For Morning Edition's feature "Word of Mouth," Daily Beast Editor-in-Chief Tina Brown joins NPR to talk about what she's been reading -- and what's made an impression. This month, Brown has been reading about money, power, sex, murder and -- most of all -- excess.
'The Greatest Trade Ever: The Behind-the-Scenes Story of How John Paulson Defied Wall Street and Made Financial History'
First up on Brown's list is Gregory Zuckerman's The Greatest Trade Ever, a book about a hedge-fund manager's 2006 hunch that the housing bubble was about to burst. John Paulson positioned himself to make millions off of the crash by engineering a trade that is now at the center of the Securities and Exchange Commission's suit against investment bank Goldman Sachs.
"What is interesting about this book is not the details of this trade so much as the window it gives you into this world in Wall Street where how these bets land has no consideration for the people that it lands upon," Brown tells NPR's Steve Inskeep. "There they are, rooting for everybody else to fail -- and of course they did, and they made out like bandits."
'Rachel Uchitel Is Not A Madam'
Brown's next pick is another eye-opening look at a culture of excess. Lisa Taddeo's New York Magazine feature "Rachel Uchitel Is Not A Madam" uses the story of Tiger Woods' indiscretions to dive into the world of VIP clubs that enabled them. One of the many women alleged to have been among the golfer's mistresses, Uchitel is a VIP-club hostess who makes a fortune introducing high-profile clients to discreet but available women.
"The girls are paid in tips and in trips and in goodies and gifts," Brown says. "They're not paid in cash, so you can't call them hookers, but you can call them girls who are really for sale, in the sense that it's all about the goodies they can collect."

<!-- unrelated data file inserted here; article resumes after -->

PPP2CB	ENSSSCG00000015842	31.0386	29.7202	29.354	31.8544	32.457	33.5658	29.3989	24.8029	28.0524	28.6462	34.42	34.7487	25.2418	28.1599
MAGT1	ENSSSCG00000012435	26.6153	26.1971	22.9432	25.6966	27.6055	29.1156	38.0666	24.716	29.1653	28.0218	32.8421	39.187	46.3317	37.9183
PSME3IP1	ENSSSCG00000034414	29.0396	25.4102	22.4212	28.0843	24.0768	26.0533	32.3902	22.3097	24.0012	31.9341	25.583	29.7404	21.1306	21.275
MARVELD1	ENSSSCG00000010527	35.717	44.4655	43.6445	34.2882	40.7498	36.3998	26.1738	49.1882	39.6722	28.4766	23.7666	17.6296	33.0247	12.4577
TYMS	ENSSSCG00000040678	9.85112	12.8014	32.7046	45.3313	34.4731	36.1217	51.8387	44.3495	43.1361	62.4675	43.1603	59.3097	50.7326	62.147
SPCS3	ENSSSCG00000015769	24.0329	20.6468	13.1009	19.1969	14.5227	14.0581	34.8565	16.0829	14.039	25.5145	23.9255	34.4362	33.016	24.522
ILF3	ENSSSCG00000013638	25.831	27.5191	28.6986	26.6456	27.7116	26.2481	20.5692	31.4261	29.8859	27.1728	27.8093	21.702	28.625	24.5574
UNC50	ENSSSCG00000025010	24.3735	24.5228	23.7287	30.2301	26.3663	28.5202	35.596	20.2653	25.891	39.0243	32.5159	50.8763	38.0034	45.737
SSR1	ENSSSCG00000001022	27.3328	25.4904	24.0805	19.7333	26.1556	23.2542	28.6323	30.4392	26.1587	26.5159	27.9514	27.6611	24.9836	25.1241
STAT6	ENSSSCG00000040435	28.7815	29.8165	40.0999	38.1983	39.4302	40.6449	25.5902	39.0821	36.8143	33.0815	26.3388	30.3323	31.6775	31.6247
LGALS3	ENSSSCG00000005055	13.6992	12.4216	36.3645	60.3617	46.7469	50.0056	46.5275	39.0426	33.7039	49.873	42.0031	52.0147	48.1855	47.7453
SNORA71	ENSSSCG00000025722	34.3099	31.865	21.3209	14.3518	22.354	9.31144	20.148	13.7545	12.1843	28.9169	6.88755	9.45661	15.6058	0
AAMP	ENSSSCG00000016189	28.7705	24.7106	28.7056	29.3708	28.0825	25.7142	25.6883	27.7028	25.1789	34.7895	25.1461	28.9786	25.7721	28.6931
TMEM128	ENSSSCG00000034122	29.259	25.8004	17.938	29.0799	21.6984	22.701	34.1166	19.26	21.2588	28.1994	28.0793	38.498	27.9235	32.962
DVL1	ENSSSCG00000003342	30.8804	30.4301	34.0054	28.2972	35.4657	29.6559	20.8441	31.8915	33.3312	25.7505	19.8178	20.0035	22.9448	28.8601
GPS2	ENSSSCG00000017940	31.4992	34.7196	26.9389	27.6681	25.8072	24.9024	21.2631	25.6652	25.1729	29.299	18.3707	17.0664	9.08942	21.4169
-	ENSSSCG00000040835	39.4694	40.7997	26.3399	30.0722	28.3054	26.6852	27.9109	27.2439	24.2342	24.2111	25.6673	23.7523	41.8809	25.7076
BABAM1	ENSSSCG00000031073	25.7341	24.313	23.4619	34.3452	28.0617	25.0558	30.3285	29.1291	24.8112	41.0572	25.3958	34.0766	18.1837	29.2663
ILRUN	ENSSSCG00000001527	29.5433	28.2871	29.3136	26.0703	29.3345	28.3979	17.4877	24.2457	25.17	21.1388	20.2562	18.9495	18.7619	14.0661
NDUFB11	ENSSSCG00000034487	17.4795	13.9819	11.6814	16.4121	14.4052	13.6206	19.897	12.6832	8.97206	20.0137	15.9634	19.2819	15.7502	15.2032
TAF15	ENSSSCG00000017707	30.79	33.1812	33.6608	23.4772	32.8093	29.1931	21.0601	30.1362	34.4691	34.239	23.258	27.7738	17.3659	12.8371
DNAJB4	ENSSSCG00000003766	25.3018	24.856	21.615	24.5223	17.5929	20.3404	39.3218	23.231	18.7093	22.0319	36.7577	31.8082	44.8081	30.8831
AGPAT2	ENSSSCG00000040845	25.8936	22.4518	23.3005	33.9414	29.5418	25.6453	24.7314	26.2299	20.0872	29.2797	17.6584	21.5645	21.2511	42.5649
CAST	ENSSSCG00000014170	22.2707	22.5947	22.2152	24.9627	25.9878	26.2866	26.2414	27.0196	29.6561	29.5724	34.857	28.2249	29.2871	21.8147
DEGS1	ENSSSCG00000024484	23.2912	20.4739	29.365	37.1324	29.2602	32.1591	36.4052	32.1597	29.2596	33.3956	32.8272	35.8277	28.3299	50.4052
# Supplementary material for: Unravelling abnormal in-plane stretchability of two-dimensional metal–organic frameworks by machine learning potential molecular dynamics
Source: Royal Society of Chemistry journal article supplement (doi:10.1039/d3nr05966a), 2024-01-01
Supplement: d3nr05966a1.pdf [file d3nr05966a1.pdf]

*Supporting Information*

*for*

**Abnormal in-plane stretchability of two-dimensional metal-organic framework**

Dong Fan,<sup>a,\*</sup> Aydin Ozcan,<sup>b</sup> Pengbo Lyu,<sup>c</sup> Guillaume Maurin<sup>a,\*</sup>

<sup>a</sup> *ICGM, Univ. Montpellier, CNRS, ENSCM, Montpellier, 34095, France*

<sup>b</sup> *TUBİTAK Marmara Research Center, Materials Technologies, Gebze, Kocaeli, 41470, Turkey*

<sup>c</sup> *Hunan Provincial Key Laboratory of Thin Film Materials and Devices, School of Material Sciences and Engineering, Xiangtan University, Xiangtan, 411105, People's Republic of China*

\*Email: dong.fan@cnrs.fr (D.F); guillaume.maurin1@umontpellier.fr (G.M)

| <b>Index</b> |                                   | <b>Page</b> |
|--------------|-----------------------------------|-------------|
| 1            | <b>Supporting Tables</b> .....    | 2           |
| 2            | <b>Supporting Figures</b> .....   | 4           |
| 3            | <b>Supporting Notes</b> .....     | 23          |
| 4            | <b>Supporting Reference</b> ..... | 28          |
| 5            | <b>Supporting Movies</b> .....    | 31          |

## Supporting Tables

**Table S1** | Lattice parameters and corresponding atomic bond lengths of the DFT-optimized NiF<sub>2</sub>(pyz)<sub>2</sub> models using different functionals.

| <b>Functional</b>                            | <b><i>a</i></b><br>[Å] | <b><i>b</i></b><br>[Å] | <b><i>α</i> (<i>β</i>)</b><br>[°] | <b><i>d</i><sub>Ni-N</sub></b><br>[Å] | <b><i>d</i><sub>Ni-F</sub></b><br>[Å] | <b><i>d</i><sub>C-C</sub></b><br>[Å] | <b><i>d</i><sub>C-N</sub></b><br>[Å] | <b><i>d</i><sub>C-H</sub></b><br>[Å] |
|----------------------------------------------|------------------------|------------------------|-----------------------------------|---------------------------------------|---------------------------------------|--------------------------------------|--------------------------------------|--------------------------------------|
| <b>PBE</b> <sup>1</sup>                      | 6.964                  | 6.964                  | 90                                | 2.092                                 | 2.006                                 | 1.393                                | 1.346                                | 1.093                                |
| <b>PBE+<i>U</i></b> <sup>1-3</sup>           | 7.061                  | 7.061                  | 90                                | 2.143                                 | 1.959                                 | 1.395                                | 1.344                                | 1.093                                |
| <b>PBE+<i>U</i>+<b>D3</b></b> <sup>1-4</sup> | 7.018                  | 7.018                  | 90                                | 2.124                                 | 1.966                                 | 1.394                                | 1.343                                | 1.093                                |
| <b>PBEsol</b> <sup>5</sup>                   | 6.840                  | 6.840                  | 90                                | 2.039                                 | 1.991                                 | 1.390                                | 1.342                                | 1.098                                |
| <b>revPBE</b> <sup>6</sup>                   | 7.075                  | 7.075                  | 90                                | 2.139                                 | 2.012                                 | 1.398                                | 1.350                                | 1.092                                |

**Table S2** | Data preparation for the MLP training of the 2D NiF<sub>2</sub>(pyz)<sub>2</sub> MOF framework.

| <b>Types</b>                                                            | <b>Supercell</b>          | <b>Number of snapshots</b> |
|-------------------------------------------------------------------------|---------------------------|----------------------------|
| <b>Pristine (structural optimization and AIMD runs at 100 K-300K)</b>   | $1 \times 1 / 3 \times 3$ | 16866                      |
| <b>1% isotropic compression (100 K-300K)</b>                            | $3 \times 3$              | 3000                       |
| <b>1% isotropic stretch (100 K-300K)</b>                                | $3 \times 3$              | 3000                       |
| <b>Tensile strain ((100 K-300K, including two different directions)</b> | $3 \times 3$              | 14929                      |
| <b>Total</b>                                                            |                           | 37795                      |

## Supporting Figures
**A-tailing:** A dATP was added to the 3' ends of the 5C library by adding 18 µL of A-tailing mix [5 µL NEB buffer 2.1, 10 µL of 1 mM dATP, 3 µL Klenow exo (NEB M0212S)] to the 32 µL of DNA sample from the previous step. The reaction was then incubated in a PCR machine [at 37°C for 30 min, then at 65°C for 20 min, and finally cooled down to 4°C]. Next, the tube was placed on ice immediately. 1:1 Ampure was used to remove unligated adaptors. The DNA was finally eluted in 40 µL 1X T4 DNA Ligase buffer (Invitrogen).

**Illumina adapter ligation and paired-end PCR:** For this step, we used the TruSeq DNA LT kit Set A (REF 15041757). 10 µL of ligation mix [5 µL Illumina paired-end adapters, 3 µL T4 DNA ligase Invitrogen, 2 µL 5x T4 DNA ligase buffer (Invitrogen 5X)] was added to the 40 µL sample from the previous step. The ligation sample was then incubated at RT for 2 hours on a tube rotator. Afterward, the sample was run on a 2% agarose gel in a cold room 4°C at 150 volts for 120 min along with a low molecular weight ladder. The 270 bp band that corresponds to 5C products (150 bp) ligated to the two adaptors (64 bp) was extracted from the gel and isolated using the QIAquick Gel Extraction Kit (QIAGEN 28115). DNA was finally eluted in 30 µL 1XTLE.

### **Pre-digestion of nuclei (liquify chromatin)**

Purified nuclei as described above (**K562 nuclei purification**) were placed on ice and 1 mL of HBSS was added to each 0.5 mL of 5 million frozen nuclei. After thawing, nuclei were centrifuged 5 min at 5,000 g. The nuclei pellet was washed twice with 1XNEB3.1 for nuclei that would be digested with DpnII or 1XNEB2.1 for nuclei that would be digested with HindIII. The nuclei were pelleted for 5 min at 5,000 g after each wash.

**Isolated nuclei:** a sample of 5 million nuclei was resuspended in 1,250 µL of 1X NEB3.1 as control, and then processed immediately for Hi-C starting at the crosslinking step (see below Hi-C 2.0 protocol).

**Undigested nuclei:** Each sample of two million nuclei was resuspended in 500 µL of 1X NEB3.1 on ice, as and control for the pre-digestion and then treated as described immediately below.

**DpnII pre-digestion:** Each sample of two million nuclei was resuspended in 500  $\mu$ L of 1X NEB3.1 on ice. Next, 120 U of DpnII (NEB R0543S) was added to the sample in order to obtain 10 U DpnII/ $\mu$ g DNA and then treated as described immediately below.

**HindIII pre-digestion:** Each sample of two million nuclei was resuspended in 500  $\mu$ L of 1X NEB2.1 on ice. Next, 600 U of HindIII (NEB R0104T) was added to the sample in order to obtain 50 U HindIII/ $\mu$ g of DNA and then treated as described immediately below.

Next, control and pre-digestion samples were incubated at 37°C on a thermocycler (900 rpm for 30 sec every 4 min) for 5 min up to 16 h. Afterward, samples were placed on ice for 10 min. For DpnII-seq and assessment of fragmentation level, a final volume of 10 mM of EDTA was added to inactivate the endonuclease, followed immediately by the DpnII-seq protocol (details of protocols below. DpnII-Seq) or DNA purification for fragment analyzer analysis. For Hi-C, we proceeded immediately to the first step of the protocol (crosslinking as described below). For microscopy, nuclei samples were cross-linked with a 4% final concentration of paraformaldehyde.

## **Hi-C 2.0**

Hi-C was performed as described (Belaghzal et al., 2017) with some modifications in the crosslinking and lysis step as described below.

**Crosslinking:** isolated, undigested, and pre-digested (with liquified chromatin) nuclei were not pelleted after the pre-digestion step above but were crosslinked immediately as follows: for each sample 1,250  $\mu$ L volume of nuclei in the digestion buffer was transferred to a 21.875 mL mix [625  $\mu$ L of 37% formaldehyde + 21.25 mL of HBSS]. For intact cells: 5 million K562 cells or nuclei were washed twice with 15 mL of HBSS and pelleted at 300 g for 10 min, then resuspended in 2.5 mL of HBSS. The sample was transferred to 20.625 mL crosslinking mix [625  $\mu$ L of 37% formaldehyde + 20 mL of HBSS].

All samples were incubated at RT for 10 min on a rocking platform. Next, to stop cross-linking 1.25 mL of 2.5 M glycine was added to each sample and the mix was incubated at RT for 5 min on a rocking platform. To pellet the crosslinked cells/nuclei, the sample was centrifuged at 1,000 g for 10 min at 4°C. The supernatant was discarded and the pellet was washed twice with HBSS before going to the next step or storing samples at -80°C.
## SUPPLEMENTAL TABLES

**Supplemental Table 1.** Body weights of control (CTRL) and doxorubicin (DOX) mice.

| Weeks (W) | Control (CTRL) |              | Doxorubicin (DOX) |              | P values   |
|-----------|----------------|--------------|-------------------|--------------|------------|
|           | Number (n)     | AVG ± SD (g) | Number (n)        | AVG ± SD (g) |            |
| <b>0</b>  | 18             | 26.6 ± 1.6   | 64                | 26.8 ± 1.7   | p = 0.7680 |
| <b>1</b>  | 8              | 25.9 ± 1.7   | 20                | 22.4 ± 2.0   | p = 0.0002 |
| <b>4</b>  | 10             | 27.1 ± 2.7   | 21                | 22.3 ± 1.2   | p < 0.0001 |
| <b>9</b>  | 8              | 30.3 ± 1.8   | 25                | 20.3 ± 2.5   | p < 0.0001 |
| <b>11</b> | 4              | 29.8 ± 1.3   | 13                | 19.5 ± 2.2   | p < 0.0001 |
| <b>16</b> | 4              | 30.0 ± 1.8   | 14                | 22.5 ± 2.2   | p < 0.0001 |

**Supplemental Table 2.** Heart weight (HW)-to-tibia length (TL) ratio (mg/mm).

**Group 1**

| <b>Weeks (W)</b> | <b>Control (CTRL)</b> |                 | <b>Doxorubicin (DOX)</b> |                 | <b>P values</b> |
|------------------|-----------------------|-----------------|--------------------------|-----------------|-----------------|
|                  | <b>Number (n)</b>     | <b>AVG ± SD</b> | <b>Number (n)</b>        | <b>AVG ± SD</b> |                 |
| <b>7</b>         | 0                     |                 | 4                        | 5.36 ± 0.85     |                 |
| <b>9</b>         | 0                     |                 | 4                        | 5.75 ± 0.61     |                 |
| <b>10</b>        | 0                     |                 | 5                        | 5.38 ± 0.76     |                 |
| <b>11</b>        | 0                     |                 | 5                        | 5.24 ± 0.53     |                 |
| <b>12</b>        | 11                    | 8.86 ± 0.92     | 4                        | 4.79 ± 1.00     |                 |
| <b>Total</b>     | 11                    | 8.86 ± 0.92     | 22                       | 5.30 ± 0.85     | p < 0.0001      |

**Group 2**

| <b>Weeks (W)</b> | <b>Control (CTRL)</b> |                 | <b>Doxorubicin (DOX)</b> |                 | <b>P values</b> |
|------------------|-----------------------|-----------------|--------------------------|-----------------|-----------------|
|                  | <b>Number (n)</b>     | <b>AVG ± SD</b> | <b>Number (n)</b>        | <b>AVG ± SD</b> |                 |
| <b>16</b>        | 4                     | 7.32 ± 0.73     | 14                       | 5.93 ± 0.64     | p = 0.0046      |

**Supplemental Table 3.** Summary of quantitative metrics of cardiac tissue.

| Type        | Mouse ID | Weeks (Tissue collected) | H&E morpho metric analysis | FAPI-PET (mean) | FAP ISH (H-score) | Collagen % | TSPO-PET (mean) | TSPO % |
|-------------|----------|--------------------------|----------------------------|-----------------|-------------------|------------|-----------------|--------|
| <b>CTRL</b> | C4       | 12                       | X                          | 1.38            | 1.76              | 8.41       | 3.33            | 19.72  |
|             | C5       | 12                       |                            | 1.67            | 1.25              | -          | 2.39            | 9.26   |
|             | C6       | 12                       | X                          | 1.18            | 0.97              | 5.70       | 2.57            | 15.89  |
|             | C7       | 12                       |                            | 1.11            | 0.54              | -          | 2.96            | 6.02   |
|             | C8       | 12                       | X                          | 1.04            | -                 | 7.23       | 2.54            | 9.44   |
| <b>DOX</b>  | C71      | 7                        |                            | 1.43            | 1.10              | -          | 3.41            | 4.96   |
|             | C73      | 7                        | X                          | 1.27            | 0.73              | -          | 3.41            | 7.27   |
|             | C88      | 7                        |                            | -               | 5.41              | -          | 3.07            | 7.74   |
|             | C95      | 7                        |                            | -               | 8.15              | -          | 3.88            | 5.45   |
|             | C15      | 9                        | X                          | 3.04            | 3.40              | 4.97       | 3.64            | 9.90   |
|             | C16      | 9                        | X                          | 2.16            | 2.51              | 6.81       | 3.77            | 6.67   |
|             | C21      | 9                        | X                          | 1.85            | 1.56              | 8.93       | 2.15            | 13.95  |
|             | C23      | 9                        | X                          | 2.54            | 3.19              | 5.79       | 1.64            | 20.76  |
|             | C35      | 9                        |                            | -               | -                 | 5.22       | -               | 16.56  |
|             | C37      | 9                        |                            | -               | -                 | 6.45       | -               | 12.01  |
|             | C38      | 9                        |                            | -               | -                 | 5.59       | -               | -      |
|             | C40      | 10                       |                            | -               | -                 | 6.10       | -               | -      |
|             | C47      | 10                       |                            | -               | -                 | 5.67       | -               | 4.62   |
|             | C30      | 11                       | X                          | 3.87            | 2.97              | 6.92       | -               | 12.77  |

"It's really one of those old-school New York Magazine pieces of the Tom Wolfe days that gets into a social ecosystem," Brown says of Taddeo's piece. "She really takes the lid off this whole teeming club world of the 'VIP hostess.'"
'Angel Face: The True Story Of Student Killer Amanda Knox'
If you somehow haven't heard about Amanda Knox, the American student who was convicted of a murder committed during her study abroad in Italy, Brown's next pick will fill you in. Daily Beast writer Barbie Latza Nadeau's book Angel Face (published by the Daily Beast's Beast Books imprint) gives a startling account of the gory details surrounding the murder of Knox's British roommate, Meredith Kercher, at their apartment in Perugia.
"What Nadeau really sketches very well," Brown says, "is how a girl who was a thrill-seeker, a girl who really liked to live on the edge -- when you get a toxic chemistry of the town, the place, the man she was hanging out with -- was tipped over into a moral abyss that she may never have got to if she hadn't been in that kind of company." Knox's conviction has been controversial, especially in the U.S., and both Knox and her co-defendants have maintained their innocence. Appeals were filed recently in the Italian courts; still, Brown says, Nadeau "does paint a very, very convincing picture of Amanda's guilt."
Brown's last pick is James Wolcott's Vanity Fair essay that looks at the excessive egos of the rich and powerful. "Hot-Air Balloons" examines an impulse that arises sometimes among celebrities -- Lou Dobbs, Chris Matthews, Mort Zuckerman and Larry Kudlow, to name a few -- who have reached a certain level of fame and power: the desire to run for office.
"He's very funny about Lou Dobbs," Brown says. "He says that people like him 'preen their opinions even more and practice the false humility of pretending to answer a clamor that is mostly in their heads.'"
Despite the discouraging track record of media figures running for office, the reasons for such campaigns seem pretty clear.
"You get wonderful attention," Brown notes. "And at the end of it you pull out, demurring and saying you've taken soundings, but you're not going to do it."
Naturally, we couldn't help but ask: Is Brown by chance planning a run for office?
"What a lovely, hilarious, awful thought," she says. "No thank you!"